‘Amniotic sac’ of a planet-hosting star peered into for the first time

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Artist's impression of the HD 100546 system viewed from further out. The inset shows the first image, with a planet that is still in the process of forming that could be boosting a transfer of material from the gas-rich outer part of the disk to the inner regions. Credit: David Cabezas Jimeno (SEA)

Researchers, have for the first time, managed to get a glimpse of the ‘amniotic sac’ of a young star garnering unprecedented insight into the earliest life of planet-hosting stars.

Observed by researchers at University of Leeds using the Very Large Telescope Interferometer (VLTI), the star dubbed HD 100546 is still a very young star – only a thousandth of the age of the Sun – and is located at a distance of 325 light-years from us.

The study is phenomenal owing to the fact that it is for the first time ever that researchers have managed to get a glimpse of the innermost parts of the protoplanetary disk surrounding a young star. Lead author Dr Ignacio Mendigutía from the School of Physics and Astronomy at the University says that the surprising bit about the observation is that the emission is sort of ‘barren’ as if there is no signs of active planet formation.

An artist's impression of the HD 100546 system. A planet that is still in the process of forming could be boosting a transfer of material from the gas-rich outer part of the disk to the inner regions. Credit: David Cabezas Jimeno (SEA)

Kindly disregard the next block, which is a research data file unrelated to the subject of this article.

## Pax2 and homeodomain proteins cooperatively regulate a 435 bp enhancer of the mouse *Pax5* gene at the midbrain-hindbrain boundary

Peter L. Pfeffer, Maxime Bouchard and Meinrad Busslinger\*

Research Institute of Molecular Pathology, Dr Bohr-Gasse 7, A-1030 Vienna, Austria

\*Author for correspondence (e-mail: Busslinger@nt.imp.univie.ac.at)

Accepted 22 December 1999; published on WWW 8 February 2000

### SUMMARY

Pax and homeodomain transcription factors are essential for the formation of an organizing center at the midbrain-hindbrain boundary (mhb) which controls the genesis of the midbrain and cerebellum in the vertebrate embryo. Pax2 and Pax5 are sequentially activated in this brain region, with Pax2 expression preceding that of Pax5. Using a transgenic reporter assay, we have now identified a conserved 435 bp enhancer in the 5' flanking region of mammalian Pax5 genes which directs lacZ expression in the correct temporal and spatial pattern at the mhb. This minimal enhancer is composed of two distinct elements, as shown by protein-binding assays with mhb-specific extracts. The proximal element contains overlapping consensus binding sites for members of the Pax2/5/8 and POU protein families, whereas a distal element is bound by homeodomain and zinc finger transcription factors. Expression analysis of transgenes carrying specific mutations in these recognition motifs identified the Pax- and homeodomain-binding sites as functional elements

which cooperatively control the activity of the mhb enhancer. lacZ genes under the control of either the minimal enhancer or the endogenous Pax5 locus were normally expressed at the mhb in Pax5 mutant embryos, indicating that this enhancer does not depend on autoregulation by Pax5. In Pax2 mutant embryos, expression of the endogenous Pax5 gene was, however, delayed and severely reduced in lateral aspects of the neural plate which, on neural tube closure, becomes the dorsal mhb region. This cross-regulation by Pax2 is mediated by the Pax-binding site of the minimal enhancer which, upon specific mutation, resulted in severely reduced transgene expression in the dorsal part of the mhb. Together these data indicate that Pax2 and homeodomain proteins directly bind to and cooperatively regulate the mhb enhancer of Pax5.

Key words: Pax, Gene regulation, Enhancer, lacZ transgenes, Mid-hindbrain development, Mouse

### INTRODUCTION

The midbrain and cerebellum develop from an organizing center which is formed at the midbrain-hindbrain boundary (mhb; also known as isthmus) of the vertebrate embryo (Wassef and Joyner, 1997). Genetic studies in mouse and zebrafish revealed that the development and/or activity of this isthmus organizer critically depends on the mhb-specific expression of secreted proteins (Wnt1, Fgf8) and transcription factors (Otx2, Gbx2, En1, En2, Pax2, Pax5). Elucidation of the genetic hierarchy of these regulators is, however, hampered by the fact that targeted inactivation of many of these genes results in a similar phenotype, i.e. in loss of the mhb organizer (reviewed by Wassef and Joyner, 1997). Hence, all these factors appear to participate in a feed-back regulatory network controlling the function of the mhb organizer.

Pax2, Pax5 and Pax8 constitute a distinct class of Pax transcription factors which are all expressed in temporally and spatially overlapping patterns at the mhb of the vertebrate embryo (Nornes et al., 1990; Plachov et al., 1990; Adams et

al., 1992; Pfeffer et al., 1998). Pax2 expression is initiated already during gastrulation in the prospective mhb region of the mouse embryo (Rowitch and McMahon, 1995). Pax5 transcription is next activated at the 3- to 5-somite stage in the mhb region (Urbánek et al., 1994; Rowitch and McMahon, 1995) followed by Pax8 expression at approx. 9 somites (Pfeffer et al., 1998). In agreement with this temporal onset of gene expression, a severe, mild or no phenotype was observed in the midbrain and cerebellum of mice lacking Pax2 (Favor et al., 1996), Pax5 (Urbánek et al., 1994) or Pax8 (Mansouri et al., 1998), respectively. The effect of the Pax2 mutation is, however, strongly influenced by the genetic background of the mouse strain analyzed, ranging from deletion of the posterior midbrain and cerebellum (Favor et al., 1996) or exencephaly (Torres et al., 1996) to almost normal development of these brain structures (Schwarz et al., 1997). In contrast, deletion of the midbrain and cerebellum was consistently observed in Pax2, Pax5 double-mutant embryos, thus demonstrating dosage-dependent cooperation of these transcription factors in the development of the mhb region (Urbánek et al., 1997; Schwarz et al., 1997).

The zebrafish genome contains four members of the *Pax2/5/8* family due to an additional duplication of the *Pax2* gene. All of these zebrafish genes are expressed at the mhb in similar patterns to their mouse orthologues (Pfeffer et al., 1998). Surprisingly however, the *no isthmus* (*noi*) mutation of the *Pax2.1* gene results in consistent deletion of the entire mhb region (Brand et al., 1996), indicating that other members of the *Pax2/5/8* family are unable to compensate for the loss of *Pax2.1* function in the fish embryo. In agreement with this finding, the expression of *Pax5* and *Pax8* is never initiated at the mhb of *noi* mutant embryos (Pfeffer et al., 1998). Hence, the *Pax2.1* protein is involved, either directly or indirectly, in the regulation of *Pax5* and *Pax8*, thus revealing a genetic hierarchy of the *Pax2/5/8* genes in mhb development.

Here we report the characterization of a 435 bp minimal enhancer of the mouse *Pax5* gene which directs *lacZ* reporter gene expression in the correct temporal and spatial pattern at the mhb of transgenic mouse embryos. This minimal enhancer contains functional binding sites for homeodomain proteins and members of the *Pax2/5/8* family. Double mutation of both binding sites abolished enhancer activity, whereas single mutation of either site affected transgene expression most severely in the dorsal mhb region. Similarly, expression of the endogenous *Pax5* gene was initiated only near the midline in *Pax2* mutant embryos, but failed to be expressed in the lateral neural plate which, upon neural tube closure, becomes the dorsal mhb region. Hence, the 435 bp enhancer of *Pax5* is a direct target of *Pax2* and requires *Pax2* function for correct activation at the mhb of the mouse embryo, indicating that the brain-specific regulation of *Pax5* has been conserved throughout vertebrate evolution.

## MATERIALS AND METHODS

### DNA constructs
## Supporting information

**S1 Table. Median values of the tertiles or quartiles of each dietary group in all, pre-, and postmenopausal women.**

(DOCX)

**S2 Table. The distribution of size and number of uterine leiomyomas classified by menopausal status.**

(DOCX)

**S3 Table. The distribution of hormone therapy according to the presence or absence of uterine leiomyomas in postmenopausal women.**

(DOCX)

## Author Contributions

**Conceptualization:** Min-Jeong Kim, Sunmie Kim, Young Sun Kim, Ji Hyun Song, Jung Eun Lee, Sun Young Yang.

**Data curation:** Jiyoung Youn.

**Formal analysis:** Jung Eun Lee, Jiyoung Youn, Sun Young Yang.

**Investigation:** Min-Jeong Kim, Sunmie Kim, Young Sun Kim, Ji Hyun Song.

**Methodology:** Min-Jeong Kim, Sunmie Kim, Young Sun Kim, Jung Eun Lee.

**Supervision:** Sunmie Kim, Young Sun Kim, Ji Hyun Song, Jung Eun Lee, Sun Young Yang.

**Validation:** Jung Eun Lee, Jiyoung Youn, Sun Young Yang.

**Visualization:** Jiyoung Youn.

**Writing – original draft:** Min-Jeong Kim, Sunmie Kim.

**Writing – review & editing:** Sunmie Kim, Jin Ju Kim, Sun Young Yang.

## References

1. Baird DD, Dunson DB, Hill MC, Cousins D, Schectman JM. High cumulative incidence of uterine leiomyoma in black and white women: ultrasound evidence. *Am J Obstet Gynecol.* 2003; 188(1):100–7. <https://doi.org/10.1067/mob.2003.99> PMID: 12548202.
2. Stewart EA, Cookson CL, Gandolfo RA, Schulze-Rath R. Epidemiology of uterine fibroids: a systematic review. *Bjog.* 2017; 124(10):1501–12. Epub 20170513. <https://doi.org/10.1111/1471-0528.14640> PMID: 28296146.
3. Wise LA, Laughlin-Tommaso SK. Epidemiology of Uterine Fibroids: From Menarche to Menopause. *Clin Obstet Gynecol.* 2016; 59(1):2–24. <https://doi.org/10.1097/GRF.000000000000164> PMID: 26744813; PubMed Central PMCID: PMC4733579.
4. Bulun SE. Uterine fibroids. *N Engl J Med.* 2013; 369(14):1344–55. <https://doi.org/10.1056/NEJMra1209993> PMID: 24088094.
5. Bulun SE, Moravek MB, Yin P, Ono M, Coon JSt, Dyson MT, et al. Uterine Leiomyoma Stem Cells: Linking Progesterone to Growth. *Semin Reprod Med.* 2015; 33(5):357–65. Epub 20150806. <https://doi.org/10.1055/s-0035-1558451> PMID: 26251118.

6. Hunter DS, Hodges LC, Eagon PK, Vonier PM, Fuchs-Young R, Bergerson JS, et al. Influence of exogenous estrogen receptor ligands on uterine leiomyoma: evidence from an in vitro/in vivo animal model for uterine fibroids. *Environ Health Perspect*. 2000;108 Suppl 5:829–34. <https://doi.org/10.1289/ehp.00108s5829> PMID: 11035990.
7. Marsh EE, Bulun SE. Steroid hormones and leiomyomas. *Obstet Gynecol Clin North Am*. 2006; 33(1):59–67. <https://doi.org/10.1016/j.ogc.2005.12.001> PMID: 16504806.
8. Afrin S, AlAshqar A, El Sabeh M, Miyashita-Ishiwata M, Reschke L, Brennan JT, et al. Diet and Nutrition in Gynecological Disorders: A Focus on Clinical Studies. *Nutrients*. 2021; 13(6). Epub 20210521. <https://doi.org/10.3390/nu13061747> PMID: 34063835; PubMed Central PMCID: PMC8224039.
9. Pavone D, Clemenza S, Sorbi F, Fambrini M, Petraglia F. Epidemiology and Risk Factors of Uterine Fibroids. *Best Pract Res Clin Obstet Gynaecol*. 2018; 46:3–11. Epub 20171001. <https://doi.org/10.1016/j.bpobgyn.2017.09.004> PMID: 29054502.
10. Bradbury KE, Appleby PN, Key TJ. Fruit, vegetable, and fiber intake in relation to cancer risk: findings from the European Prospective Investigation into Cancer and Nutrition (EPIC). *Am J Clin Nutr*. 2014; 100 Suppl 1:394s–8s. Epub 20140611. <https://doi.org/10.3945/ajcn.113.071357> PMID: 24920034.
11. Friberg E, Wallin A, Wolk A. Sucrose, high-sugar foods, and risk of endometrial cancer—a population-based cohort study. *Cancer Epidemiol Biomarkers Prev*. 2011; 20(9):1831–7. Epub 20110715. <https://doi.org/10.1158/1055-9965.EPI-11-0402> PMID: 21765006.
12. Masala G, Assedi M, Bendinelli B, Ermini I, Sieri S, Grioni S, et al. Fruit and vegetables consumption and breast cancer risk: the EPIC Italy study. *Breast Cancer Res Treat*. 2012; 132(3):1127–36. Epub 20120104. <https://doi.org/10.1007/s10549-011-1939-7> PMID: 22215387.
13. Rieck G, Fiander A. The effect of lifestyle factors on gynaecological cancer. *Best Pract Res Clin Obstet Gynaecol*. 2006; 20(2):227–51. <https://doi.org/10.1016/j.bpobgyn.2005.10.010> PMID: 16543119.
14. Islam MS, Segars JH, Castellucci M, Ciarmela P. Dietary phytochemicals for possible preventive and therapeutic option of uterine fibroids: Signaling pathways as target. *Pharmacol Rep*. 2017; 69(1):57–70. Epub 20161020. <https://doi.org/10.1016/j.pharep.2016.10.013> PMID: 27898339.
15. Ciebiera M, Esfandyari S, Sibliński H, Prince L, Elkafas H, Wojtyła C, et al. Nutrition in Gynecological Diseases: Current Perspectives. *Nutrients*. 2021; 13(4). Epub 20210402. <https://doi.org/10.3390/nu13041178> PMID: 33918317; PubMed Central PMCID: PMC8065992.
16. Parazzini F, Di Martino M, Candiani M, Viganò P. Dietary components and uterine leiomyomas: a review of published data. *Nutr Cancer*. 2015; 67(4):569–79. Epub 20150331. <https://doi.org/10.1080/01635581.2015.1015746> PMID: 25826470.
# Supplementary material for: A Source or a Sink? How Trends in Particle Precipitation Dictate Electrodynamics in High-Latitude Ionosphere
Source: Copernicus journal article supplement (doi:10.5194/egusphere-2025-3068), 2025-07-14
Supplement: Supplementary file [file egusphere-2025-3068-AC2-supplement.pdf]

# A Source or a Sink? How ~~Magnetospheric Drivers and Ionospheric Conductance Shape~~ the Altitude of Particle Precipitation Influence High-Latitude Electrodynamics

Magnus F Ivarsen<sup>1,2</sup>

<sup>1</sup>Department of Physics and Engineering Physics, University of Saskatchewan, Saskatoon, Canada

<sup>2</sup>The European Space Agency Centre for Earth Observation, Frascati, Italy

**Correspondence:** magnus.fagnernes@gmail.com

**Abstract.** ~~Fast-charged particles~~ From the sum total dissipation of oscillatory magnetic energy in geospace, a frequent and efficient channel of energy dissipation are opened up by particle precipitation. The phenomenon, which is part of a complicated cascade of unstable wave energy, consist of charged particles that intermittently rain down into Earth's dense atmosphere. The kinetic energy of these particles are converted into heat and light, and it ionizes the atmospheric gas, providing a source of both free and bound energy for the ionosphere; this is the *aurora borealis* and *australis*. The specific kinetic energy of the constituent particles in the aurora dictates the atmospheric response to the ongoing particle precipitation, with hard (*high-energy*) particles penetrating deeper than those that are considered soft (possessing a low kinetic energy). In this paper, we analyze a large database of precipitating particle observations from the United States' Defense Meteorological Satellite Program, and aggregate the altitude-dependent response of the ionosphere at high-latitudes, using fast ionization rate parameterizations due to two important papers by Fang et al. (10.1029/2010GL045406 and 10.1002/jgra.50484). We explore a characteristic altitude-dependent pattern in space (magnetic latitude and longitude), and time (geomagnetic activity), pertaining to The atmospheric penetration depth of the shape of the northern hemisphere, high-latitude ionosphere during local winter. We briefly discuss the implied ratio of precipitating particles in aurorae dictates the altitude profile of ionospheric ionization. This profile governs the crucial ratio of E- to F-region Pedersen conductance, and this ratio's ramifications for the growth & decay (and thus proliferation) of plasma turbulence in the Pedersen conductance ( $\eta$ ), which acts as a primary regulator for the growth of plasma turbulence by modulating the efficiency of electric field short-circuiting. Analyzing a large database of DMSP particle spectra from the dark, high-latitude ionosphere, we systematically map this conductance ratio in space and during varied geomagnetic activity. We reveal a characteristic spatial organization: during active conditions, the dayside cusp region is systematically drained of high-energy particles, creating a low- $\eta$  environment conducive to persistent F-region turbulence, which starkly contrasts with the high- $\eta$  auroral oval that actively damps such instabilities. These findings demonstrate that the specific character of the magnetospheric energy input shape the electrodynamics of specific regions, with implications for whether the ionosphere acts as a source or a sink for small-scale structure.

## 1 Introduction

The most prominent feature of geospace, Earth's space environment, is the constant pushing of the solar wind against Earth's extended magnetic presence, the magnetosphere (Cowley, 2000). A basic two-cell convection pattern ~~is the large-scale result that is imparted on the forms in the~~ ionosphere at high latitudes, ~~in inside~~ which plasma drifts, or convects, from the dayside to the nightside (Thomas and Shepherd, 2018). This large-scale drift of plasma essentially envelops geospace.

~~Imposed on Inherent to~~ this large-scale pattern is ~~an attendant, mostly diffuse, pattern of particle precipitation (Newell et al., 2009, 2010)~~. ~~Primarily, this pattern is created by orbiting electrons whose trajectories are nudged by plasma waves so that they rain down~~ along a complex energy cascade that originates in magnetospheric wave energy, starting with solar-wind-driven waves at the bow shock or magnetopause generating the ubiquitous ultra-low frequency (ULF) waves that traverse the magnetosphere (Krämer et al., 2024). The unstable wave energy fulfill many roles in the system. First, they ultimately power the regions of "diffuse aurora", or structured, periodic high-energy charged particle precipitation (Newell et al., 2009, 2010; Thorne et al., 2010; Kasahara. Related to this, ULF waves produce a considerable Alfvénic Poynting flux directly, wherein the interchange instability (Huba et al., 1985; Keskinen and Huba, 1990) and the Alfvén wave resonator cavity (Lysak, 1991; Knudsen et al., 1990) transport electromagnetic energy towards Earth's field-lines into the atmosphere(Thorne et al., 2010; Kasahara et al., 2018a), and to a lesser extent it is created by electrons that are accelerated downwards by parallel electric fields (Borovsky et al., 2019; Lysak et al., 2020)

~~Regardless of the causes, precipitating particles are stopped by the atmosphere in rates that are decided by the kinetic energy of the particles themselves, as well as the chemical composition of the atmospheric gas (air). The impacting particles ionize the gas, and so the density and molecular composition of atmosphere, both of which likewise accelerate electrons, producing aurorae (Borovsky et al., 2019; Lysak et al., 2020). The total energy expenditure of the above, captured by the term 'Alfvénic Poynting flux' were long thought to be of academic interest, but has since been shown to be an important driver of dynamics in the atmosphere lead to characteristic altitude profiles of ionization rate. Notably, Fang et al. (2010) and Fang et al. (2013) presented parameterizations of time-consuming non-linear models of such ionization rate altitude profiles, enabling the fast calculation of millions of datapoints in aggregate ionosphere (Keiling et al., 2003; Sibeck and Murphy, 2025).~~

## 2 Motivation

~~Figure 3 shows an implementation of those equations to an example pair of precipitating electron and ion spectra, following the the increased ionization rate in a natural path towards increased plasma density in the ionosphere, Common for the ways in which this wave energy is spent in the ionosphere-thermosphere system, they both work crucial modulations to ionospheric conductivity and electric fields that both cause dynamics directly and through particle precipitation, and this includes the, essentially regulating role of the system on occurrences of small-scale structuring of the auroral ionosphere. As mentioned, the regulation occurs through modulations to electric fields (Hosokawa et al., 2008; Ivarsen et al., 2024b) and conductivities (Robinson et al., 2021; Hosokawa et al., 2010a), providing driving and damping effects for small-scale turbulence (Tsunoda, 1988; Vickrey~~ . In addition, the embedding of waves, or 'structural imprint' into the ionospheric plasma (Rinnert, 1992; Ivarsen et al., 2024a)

An artist’s impression of the HD 100546 system. A planet that is still in the process of forming could be boosting a transfer of material from the gas-rich outer part of the disk to the inner regions. Credit: David Cabezas Jimeno (SEA)
Researchers found through their observations that within the protoplanetary disk is a massive gap that is devoid of any material. Researchers theorize that within this gap could be planet(s) which is/are still forming. Another startling find about this gap is that it is ten times the size of the space that separates the Sun from the Earth.

Scientists say that for the innermost planetary disk to survive, there has to be a continuous supply of material from somewhere because the star is constantly engulfing material from the innermost parts of the disk. This constant supply of the material, researchers say, could be coming from farther away in the disk from where material is being pulled by the gravitational pull of the still forming planet(s).

“With our observations of the inner disk of gas in the HD 100546 system, we are beginning to understand the earliest life of planet-hosting stars on a scale that is comparable to our Solar System,” concludes Professor Rene Oudmaijer, a co-author of the study, also from the University’s School of Physics and Astronomy.

The findings are published in the journal Monthly Notices of the Royal Astronomical Society.